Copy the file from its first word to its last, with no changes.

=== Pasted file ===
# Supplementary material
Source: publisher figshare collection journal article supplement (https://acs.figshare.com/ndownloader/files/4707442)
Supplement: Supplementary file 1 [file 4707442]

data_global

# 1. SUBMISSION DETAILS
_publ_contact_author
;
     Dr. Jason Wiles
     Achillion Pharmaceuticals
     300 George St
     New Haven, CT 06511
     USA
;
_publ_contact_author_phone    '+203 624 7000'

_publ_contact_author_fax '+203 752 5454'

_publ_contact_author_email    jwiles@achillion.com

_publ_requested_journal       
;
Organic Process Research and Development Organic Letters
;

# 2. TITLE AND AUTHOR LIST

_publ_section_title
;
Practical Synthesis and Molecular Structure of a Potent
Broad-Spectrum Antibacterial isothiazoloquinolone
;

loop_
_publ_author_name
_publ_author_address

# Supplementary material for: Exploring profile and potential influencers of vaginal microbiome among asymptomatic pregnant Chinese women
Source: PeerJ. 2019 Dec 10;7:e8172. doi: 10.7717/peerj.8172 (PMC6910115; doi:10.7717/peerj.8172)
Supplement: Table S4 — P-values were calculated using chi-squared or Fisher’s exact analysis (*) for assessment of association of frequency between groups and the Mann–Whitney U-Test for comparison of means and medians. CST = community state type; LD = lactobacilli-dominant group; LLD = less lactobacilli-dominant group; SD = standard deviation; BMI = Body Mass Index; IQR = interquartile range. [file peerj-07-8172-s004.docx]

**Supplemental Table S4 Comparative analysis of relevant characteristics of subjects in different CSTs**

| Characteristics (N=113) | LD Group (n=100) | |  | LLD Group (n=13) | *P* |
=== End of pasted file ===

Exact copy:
# Supplementary material
Source: publisher figshare collection journal article supplement (https://acs.figshare.com/ndownloader/files/4707442)
Supplement: Supplementary file 1 [file 4707442]

data_global

# 1. SUBMISSION DETAILS
_publ_contact_author
;
     Dr. Jason Wiles
     Achillion Pharmaceuticals
     300 George St
     New Haven, CT 06511
     USA
;
_publ_contact_author_phone    '+203 624 7000'

_publ_contact_author_fax '+203 752 5454'

_publ_contact_author_email    jwiles@achillion.com

_publ_requested_journal       
;
Organic Process Research and Development Organic Letters
;

# 2. TITLE AND AUTHOR LIST

_publ_section_title
;
Practical Synthesis and Molecular Structure of a Potent
Broad-Spectrum Antibacterial isothiazoloquinolone
;

loop_
_publ_author_name
_publ_author_address

# Supplementary material for: Exploring profile and potential influencers of vaginal microbiome among asymptomatic pregnant Chinese women
Source: PeerJ. 2019 Dec 10;7:e8172. doi: 10.7717/peerj.8172 (PMC6910115; doi:10.7717/peerj.8172)
Supplement: Table S4 — P-values were calculated using chi-squared or Fisher’s exact analysis (*) for assessment of association of frequency between groups and the Mann–Whitney U-Test for comparison of means and medians. CST = community state type; LD = lactobacilli-dominant group; LLD = less lactobacilli-dominant group; SD = standard deviation; BMI = Body Mass Index; IQR = interquartile range. [file peerj-07-8172-s004.docx]

**Supplemental Table S4 Comparative analysis of relevant characteristics of subjects in different CSTs**

| Characteristics (N=113) | LD Group (n=100) | |  | LLD Group (n=13) | *P* |